By Khaled Diab
A set of hitherto unknown ancient toilet rolls were uncovered by archaeologists on Good Friday in the Dead Sea area in what might prove to be the find of the 21st century.
The Belgian-Egyptian team admitted that the discovery had taken them by surprise since they had previously assumed that toilet paper was a modern invention. "We'd always assumed that Middle Easterners preferred water and that toilet paper was invented in China in the 14th century," a confounded team member admitted.
But this particular roll was nearly two millennia old, according to the latest carbon dating technology, and made from rough Egyptian papyrus, suggesting it may have been an import. "It must have been quite rough on your bottom, especially compared to the super-soft rolls I prefer to buy," another team member claimed in disgust.
An embarrassed colleague chimed in: "When we first saw the papyrus in a cave, we thought we'd stumbled upon another set of Dead Sea Scrolls and were completely chuffed. You can imagine our disappointment when, instead of writing, we found ancient caked-in excrement."
But the origin of toilet paper may not be the only tenet of faith that is likely to go arse over tits following this find. "However, a large boulder outside the cave gave us a brainwave and we decided to get the papyrus analysed."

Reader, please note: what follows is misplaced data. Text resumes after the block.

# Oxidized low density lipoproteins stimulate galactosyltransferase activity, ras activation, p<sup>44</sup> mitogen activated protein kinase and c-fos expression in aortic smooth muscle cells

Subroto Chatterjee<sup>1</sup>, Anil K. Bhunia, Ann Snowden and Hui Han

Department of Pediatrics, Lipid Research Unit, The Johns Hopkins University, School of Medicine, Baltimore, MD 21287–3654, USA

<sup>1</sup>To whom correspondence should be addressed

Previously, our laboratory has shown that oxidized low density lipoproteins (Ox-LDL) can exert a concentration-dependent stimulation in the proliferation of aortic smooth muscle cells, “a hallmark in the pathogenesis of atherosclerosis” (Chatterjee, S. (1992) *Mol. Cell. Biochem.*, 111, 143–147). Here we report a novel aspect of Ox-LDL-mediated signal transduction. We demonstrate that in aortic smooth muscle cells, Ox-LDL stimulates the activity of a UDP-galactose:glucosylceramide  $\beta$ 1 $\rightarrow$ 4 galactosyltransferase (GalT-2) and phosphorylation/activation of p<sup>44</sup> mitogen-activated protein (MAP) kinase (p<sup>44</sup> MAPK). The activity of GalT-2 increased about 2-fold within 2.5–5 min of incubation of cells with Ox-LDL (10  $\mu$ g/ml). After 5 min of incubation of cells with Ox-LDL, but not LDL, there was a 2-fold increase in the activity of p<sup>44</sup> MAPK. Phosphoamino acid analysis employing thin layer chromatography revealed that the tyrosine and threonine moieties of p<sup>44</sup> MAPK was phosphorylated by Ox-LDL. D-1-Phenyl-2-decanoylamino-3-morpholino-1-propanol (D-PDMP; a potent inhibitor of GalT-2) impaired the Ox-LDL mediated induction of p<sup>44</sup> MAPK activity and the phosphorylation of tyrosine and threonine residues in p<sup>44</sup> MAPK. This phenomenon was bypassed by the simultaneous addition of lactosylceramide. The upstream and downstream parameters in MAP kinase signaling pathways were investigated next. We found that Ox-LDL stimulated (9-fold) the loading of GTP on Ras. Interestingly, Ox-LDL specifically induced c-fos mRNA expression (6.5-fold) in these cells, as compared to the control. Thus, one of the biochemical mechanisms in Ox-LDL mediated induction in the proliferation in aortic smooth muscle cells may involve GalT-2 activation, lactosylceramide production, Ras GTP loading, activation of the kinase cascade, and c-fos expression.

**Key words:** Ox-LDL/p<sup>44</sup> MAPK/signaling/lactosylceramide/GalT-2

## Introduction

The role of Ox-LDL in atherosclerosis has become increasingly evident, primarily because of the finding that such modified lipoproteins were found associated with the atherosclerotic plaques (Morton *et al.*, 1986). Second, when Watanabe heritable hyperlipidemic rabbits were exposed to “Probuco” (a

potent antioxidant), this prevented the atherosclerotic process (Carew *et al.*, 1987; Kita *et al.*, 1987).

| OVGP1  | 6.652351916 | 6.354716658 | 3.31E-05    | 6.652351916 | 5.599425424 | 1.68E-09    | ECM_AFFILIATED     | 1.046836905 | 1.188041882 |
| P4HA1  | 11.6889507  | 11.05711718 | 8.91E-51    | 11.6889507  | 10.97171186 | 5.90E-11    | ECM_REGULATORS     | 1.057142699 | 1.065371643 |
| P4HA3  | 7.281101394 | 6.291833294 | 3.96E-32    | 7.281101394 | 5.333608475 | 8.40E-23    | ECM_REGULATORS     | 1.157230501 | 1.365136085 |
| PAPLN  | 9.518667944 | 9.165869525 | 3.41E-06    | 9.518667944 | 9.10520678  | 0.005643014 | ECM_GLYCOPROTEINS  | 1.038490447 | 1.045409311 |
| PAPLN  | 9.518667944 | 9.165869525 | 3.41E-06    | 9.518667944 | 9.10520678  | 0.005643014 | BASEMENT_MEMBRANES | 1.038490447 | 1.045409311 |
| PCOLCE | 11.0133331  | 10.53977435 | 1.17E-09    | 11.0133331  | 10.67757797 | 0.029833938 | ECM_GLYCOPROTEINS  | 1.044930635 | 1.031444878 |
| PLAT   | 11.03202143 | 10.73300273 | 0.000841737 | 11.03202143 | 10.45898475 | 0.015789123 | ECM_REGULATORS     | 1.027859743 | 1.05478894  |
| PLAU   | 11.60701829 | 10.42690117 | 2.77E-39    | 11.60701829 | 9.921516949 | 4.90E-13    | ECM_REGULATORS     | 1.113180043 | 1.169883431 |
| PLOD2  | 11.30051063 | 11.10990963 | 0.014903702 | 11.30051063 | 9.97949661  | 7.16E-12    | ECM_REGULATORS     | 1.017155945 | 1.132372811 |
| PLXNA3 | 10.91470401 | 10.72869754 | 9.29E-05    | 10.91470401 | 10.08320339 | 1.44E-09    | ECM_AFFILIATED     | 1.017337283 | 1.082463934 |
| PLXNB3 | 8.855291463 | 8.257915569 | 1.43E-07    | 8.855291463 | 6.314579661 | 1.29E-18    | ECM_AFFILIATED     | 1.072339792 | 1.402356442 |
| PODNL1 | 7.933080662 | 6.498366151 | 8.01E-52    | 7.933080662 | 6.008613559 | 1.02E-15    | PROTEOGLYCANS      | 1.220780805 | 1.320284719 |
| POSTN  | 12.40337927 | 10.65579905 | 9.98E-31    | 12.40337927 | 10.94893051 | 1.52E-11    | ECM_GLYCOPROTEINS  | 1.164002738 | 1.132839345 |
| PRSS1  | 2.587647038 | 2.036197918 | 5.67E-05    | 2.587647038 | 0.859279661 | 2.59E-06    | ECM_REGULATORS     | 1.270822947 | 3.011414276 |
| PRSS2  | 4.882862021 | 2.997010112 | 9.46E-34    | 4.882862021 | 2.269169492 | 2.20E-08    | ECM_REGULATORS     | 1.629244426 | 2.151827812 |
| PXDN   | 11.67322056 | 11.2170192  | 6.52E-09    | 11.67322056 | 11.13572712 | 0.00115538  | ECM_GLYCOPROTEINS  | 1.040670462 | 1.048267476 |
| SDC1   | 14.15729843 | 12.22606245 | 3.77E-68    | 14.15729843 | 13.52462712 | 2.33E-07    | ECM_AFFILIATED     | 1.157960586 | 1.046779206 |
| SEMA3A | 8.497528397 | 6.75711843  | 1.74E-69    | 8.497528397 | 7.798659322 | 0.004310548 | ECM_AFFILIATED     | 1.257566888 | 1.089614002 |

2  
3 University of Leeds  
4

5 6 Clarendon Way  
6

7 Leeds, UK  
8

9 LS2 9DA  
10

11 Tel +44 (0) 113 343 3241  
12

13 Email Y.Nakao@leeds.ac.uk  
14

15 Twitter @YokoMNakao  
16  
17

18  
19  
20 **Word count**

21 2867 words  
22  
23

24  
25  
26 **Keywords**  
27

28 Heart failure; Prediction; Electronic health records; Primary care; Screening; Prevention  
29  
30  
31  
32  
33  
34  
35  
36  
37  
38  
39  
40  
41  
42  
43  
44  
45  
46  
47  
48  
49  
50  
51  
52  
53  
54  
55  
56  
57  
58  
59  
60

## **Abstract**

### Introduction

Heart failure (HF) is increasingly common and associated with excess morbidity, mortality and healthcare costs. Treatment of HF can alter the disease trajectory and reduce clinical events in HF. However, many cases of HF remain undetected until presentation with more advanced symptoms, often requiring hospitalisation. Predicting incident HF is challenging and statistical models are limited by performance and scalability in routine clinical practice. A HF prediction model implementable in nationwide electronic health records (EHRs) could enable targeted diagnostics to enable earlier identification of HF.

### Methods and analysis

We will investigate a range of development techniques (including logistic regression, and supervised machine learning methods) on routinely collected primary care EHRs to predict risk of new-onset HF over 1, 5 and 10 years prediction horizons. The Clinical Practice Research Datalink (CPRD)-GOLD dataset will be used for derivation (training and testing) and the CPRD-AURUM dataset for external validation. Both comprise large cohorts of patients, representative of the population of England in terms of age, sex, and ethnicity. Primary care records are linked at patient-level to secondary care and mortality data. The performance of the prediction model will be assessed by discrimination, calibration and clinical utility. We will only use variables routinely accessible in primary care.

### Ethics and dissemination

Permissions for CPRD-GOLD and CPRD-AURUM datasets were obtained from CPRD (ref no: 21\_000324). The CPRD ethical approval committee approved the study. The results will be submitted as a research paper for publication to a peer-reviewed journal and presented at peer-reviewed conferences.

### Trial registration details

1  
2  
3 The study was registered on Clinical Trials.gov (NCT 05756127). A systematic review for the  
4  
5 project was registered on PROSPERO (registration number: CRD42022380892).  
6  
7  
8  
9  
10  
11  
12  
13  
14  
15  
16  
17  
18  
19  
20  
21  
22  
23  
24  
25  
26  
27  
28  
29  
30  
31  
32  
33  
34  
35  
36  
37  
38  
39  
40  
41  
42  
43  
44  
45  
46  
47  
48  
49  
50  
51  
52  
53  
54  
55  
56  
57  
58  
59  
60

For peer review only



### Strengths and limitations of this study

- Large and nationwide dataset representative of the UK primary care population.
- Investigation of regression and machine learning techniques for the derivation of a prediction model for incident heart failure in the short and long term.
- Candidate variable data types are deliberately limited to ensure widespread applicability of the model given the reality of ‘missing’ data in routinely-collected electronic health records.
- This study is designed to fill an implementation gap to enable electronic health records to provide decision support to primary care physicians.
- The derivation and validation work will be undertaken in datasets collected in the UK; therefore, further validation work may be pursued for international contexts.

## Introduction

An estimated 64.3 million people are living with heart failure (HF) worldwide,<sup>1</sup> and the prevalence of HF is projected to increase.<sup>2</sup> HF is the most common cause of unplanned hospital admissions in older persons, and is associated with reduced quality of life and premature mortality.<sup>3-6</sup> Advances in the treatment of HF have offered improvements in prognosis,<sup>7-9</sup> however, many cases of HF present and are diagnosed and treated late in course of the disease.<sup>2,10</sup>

On the Last Supper's menu
State-of-the-art forensic analysis uncovered signs of unleavened bread tinged with red wine, traces of maror, charoset and karpas. "These items are usually consumed during a Passover Seder and that is what the Last Supper of Christ is believed to have been," the team leader explained.
"This means that this may be the tomb of Jesus which was found empty by Mary on Easter Sunday. It also suggests that Jesus had been alive for a while and that the baking sun on the cross had given him diarrhoea. Alternatively, it could mean that Jesus didn't actually die on the cross and was taken down too soon."
Written on 7 April 2007
© Khaled Diab.